Extraordinary Customer Service

  • SOCIETY
  • CULTURE
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    Politeness seems ubiquitous and quite mandatory in Japan. One very clear example is the courteous shop clerks (店員, ten’in) who are a part of Japan’s famous service industry. In every convenience store, supermarket or small kiosk in every corner of this country, you will find the cheerful clerks who welcome you in their store. As you walk by, they will greet you, “Irasshaimase,” with a slight bow. I was fluttered at first. The shop clerks in my country barely smile or show any enthusiasm to the customers. *sigh*

    VIP treatment

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    It will probably make you feel confused as of how to react towards them. Actually, it is socially acceptable to just keep walking without saying anything to them. But if you do not feel comfortable ignoring their greetings, you can bow very lightly to them – just like nodding. If you don’t think it is enough to show some acknowledgment, you can say, “doumo”. Say it casually. “Doumo” is a very useful phrase that you can use in many situations. It can mean “hi”, “bye”, “thank you”, and even other things, depending on the situation.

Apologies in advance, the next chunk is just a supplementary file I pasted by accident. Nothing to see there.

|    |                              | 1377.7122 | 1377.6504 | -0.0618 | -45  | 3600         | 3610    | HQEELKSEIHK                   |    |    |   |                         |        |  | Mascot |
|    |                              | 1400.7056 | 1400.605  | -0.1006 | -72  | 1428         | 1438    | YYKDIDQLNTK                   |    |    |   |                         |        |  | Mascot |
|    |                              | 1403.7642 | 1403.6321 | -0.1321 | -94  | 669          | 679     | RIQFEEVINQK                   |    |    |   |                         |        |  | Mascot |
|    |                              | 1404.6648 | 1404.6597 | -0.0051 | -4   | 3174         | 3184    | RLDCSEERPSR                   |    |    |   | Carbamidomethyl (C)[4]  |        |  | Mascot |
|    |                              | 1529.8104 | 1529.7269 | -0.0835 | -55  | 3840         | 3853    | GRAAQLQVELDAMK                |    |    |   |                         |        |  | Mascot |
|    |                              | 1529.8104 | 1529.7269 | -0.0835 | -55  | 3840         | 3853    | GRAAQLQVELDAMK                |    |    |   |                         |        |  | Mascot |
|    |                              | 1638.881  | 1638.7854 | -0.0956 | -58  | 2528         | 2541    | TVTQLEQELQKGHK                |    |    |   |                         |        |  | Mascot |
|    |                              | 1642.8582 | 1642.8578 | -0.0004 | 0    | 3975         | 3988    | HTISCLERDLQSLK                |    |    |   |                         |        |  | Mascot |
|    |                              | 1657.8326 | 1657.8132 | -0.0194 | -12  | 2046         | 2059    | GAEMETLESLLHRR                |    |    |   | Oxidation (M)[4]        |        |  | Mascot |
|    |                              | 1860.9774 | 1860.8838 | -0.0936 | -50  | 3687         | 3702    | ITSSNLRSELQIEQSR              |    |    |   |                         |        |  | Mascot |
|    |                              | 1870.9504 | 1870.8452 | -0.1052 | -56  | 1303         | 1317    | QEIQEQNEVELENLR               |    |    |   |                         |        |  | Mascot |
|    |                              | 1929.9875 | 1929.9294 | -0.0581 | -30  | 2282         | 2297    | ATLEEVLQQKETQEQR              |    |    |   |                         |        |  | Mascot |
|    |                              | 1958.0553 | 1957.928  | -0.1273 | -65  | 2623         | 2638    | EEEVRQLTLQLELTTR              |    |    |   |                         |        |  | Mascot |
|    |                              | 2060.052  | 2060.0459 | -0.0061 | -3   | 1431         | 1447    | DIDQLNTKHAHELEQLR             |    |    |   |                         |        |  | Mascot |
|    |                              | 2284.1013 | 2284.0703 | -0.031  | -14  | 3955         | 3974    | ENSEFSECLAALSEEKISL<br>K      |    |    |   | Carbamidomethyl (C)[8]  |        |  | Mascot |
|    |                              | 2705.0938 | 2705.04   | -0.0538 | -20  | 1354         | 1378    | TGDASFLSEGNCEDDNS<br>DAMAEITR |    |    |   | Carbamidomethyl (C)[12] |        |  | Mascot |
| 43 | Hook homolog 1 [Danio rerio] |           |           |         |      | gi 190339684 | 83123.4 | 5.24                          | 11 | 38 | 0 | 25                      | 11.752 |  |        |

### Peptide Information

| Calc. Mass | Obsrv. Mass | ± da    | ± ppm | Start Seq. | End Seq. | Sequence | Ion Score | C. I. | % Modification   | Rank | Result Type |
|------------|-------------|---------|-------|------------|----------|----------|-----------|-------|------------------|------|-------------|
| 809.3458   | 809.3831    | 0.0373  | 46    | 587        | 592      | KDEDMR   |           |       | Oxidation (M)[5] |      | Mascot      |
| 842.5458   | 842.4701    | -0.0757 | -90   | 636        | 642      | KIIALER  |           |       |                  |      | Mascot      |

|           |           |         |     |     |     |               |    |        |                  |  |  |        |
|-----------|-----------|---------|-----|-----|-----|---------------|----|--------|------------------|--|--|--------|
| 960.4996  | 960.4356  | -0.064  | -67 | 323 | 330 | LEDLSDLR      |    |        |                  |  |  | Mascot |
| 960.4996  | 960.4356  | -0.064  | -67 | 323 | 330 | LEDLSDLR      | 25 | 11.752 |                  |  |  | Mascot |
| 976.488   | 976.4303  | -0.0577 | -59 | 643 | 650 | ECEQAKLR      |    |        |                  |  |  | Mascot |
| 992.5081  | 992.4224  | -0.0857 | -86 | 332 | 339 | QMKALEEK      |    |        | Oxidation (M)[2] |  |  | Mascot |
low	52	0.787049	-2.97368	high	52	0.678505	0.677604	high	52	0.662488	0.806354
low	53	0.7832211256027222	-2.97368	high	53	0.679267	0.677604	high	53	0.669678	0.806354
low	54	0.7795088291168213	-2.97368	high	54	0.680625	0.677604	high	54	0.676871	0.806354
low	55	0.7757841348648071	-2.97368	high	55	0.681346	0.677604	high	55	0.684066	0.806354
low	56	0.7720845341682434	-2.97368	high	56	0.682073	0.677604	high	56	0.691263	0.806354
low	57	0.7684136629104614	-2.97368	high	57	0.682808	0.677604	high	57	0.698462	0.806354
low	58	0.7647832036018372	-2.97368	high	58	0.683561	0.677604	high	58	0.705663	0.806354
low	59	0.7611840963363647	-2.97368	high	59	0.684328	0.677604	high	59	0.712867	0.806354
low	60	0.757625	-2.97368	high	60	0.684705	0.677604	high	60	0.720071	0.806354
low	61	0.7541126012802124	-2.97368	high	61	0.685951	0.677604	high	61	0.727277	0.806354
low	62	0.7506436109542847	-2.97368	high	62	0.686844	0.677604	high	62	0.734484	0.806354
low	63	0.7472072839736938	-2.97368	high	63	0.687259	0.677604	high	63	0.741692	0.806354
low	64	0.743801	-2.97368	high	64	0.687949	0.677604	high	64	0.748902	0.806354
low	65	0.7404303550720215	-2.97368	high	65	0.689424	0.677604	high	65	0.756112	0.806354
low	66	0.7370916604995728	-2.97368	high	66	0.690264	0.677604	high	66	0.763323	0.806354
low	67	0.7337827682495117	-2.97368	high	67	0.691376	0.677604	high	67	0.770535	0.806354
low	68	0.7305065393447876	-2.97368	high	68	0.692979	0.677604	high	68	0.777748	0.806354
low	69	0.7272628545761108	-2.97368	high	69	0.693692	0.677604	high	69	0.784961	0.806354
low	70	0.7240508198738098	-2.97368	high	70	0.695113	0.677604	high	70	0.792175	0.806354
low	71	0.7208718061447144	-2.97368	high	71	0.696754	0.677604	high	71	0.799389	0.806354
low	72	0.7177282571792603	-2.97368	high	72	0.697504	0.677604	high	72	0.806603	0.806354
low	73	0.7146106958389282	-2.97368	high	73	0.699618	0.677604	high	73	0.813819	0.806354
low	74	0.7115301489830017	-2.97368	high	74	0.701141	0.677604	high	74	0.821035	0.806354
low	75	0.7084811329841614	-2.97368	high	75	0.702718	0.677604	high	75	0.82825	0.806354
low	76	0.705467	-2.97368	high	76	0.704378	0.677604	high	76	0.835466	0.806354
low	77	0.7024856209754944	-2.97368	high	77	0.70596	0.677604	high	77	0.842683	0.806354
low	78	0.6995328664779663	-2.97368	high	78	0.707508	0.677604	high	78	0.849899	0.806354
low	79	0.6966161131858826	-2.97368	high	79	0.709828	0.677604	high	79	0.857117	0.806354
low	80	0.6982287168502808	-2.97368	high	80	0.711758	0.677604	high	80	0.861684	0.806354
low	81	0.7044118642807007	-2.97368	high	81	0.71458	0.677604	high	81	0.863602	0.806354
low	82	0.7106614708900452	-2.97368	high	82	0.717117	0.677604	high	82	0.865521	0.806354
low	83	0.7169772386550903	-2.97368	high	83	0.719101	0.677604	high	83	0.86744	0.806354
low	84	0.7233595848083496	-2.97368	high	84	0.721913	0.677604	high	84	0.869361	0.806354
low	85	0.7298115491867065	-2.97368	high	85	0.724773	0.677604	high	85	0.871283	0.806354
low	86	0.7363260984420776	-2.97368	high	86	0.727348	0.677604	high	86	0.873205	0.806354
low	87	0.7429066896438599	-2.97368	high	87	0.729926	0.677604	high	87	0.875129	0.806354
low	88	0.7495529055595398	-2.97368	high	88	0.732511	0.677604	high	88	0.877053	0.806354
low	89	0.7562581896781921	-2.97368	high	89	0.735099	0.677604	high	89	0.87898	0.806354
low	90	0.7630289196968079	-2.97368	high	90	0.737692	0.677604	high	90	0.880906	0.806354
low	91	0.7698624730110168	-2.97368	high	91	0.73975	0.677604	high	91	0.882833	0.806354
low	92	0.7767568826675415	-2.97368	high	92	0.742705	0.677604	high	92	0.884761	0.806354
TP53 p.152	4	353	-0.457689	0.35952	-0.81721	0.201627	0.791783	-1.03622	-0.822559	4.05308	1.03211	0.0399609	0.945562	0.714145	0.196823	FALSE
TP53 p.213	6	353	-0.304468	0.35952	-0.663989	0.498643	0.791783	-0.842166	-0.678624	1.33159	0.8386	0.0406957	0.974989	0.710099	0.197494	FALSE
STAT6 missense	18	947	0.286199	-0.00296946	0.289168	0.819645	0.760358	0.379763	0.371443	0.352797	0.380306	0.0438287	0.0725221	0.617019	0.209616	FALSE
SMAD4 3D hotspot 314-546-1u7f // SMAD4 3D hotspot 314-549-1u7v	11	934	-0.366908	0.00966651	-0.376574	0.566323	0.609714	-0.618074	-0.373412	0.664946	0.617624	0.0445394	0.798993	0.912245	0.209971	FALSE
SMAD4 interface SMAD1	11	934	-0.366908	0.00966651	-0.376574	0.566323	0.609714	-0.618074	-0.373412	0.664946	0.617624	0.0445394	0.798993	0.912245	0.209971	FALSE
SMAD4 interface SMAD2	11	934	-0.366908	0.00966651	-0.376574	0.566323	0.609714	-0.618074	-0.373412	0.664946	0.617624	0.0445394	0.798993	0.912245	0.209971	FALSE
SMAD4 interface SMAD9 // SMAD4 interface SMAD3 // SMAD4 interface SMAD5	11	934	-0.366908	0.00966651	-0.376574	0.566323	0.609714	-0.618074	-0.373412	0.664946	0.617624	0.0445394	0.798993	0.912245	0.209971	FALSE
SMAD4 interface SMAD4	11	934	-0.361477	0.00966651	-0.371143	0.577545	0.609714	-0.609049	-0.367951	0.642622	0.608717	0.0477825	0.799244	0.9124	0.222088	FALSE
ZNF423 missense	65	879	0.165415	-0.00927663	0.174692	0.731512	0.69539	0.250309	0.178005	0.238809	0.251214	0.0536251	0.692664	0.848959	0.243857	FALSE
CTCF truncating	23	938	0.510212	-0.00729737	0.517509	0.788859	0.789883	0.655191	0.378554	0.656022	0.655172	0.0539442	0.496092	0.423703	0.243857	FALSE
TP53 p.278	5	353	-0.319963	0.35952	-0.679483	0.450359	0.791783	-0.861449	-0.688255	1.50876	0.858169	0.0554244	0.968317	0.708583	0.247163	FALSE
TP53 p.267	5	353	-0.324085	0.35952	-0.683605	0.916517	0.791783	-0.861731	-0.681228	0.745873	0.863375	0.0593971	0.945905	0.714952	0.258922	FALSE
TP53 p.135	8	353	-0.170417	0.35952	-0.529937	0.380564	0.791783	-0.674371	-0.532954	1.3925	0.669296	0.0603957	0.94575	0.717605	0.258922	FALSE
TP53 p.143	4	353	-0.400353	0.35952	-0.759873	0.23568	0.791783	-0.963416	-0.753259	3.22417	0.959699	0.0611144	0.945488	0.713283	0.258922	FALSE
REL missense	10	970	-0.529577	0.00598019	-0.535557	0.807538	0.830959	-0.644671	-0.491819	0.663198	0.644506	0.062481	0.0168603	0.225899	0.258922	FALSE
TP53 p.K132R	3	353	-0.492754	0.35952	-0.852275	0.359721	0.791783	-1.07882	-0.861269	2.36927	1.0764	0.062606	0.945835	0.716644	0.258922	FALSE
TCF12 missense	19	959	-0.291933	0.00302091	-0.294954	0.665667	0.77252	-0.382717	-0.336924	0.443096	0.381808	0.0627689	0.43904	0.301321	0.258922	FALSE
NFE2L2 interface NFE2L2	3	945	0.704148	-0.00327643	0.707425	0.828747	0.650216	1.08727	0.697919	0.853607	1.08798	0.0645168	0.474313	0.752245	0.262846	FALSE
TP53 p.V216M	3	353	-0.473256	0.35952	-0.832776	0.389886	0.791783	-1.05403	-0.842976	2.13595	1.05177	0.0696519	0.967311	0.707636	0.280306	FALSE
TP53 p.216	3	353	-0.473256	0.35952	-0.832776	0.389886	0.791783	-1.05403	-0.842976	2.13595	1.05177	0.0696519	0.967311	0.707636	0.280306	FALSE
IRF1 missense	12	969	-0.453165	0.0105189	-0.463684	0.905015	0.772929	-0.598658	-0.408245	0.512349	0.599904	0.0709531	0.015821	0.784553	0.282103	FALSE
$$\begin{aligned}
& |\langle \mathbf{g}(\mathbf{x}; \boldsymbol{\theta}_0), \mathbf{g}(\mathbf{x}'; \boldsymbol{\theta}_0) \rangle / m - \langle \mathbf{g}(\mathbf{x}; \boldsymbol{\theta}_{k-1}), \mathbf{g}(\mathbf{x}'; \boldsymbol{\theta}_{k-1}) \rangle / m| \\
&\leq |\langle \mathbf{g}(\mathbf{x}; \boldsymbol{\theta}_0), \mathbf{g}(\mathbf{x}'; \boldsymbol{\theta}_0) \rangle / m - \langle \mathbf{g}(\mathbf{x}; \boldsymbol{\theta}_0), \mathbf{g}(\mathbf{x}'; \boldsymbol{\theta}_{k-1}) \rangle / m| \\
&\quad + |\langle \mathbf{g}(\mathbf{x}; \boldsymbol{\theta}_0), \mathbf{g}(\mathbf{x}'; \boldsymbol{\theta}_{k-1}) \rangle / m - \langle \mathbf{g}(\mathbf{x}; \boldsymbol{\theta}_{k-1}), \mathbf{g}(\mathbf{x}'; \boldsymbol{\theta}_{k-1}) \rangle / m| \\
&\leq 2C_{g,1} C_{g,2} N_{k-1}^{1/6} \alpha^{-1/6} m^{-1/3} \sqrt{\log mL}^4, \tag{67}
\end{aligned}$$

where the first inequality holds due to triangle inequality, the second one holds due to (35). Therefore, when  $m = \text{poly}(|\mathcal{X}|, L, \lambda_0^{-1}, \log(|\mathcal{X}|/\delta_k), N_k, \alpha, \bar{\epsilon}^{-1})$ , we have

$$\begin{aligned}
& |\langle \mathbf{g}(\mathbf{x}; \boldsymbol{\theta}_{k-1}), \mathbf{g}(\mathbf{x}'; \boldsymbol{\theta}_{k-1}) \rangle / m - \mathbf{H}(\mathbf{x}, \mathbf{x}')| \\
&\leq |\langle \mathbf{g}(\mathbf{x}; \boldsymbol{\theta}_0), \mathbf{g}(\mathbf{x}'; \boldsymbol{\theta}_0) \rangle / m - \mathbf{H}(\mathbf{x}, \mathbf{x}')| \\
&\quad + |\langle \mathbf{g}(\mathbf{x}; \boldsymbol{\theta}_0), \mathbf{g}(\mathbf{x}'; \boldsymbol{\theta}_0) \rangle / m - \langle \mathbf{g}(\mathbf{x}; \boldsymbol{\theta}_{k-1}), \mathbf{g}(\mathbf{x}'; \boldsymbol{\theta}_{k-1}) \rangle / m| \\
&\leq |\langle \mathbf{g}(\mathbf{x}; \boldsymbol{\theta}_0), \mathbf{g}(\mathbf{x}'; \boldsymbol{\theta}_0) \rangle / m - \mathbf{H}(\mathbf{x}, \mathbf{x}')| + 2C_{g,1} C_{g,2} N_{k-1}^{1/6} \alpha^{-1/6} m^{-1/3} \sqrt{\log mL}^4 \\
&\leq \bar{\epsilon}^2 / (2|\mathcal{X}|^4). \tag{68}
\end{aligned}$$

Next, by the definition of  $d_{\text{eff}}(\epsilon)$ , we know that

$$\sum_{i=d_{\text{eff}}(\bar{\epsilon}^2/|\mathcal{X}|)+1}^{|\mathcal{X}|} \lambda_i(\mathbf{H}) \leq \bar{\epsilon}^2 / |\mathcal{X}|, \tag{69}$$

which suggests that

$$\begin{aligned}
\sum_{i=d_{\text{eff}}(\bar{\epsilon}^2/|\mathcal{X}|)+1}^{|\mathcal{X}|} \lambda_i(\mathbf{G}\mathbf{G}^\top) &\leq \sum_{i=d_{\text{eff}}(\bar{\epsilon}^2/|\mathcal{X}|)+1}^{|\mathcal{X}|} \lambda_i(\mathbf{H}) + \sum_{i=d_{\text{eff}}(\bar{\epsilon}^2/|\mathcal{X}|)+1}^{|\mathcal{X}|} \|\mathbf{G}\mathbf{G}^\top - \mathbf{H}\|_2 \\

I’m not exaggerating when I say the customer is treated like a god. When you pay for the product you buy, they will handle your money or credit card in a courteous way, showing that they respect your money. Even if you only buy an onigiri, they will still give you their best service with a smile on their face. When you leave, they will thank you while lightly bowing. Sometimes, the shop clerk even bring your bags and accompanies you to the front door. It feels like being a VIP.

    Unique talking manner

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    One unique fact about female shop clerks, they tend to use extra high, nasal voice when they say “irasshaimase, irasshaimase.” Why? Because they have to constantly repeat “irasshaimase” hour by hour, and it can obviously cause too much strain on the vocal cords. In order to minimize the strain, they make their voice more nasal. Furthermore, Japanese people believe, that nasal voice is easier to be heard. At last, who would disagree that Japanese women strive to be cute? And Japanese society generally sees this kind of high-pitched voice as cute.

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